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Aren't Strings immutable...in which case....

 
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...In which case, any line below that calls a method on the String object, must also return a value...because if it doesn't. It means (in most cases) that the method altered the object itself. And that is not possible. So Line 7 should throw an compile time error too right. Not so. Can somebody explain?


Which of the following statements are true:
1. The compiler would generate an error for line 1.
2. The compiler would generate an error for line 2.
3. The compiler would generate an error for line 3.
4. The compiler would generate an error for line 4.
5. The compiler would generate an error for line 5.
6. The compiler would generate an error for line 6.
7. The compiler would generate an error for line 7.
The answer is 4,5
Can somebody explain?
 
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s.trim(); does return a String.
It just does not assign it to anything.
Someone please correct me if I'm wrong
 
Greenhorn
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My compiler says the errors are at lines 4 and 6. (As oppossed to 4 and 5). There's a compiler error at line 4 because the String class doesn't have an append() method. And there's compiler error at line 6 because the concat() method doesn't take a StringBuffer object.
But to get to what I think you were asking about: Those String methods, like trim() return newly constructed String objects. You can assign them to a reference:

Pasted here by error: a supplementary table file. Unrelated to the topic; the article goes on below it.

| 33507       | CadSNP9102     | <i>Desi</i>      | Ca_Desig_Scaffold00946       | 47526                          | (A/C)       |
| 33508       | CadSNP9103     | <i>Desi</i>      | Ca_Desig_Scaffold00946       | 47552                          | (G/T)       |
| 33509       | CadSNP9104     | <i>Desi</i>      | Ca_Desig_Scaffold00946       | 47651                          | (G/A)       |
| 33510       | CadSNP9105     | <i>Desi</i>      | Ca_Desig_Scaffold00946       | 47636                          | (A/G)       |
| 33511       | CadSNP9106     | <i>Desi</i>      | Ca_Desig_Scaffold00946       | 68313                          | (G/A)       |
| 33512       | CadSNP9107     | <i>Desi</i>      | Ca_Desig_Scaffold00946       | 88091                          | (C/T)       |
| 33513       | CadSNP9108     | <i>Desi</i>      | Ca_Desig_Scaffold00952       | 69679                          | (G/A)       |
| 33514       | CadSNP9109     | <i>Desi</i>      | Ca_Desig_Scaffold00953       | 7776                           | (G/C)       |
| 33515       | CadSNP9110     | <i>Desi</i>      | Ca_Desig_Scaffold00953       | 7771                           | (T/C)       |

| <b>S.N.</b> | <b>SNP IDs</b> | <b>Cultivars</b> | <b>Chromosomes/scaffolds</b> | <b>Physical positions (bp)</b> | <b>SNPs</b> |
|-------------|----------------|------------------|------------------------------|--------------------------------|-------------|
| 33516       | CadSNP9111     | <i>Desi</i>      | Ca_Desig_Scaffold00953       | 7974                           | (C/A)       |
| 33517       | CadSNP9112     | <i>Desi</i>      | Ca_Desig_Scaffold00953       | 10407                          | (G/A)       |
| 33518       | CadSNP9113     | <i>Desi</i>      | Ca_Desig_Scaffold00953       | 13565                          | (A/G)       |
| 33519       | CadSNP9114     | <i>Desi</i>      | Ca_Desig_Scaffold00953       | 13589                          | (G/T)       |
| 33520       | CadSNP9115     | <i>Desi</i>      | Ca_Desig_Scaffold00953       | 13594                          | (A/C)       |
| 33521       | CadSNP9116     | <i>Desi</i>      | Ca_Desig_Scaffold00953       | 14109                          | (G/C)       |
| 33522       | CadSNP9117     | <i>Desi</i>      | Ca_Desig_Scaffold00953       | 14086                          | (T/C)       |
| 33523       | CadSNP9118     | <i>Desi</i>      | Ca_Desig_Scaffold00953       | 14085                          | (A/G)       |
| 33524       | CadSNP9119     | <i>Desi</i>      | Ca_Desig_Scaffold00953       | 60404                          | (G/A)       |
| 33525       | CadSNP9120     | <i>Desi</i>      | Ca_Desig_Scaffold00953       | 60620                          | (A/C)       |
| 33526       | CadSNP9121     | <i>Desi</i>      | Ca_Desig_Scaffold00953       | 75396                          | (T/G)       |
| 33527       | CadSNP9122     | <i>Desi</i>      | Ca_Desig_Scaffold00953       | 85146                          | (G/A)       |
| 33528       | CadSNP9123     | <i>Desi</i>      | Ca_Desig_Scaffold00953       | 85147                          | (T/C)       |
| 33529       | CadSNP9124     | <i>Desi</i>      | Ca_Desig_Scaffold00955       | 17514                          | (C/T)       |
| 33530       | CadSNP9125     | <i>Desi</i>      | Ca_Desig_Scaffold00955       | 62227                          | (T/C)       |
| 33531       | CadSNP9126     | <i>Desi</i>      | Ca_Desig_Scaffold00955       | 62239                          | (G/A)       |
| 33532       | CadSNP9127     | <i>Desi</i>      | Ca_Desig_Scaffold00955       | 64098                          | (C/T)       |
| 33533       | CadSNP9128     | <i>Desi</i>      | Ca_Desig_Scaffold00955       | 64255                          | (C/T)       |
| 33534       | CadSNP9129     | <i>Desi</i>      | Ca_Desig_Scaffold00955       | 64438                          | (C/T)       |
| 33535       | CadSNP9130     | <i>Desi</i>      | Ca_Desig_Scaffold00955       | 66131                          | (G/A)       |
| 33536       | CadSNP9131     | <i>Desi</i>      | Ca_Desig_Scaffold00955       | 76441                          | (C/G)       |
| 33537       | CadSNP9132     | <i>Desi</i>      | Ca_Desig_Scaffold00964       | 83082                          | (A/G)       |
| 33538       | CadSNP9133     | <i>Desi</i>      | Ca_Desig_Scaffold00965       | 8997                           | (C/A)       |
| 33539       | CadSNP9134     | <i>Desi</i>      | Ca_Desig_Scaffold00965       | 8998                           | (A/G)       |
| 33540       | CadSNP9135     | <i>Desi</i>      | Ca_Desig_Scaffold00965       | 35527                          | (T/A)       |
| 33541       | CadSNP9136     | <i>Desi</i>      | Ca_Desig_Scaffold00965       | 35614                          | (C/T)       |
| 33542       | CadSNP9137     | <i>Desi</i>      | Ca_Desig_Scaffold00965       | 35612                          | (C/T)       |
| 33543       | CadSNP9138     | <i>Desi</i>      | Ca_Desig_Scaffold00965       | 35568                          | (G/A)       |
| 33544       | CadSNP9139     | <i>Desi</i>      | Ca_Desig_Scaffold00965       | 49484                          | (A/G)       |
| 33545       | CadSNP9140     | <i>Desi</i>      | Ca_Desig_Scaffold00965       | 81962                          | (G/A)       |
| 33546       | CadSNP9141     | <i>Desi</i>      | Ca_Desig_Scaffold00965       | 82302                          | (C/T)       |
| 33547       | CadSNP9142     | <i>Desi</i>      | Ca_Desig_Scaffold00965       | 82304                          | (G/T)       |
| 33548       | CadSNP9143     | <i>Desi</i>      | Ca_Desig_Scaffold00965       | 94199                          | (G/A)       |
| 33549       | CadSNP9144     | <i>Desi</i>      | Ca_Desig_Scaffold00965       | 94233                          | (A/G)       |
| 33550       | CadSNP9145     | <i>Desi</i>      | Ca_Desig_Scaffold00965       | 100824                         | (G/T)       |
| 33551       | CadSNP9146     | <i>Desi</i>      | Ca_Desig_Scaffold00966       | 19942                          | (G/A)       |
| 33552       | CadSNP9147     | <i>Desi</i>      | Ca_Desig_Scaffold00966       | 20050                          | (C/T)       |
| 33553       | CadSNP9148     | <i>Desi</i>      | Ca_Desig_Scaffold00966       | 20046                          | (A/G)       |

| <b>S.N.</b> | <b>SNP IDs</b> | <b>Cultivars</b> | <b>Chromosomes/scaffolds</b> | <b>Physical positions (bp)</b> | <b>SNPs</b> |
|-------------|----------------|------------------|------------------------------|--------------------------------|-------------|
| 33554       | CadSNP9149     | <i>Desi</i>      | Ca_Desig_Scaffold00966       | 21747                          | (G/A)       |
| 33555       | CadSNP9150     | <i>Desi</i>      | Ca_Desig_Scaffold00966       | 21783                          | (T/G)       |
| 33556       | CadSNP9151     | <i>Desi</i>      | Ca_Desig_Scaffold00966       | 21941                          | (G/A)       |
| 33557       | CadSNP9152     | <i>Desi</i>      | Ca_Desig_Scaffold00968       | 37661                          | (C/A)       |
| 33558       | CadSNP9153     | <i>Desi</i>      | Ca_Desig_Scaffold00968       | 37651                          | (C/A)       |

String myNewString = s.trim();
or not:
s.trim();
If the String object is not assigned to a new reference, then it is lost, and the string in the s String object stays the same.
StringBuffer methods DO change the value of their object, so there is no need to tie the new object to a reference, as there is with String objects.
 
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thats correct the error will be on line 4 and 6 not on line 5
Pinky
 
Greenhorn
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As rightly pointed at already, the Compile errors are thrown from lines 4 and 6.
The line 7 does not give a compile time error because the trim() method does ofcourse return a new String object but in the above given code this new String object is not assigned to any other String reference.
Hence the code is syntactically correct but nevertheless the line 7 is of no use unless the String object returned from the trim() method is stored.
 
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Note that trim only returns a new String object if there is something to trim! In this case, nothing can be trimmed, so the compiler simply returns a reference to the original String object. Let's add some code which proves this by using the == operator (which compares object references).
String s2 = s.trim();
System.out.println(s2 == s); //returns true
In contrast:
String s = new String("abc ");
String s2 = s.trim();
System.out.println(s2 == s); //returns false
[ April 22, 2003: Message edited by: Roger Chung-Wee ]
 
Wilson Mui
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Yes, it was 4, 6, I made the syntactic mistake. Thansks for the help, things make sense now.
I am guessing too then that, any method with a real return value can be either assigned or ignored, in which case, the return value is lost.
 
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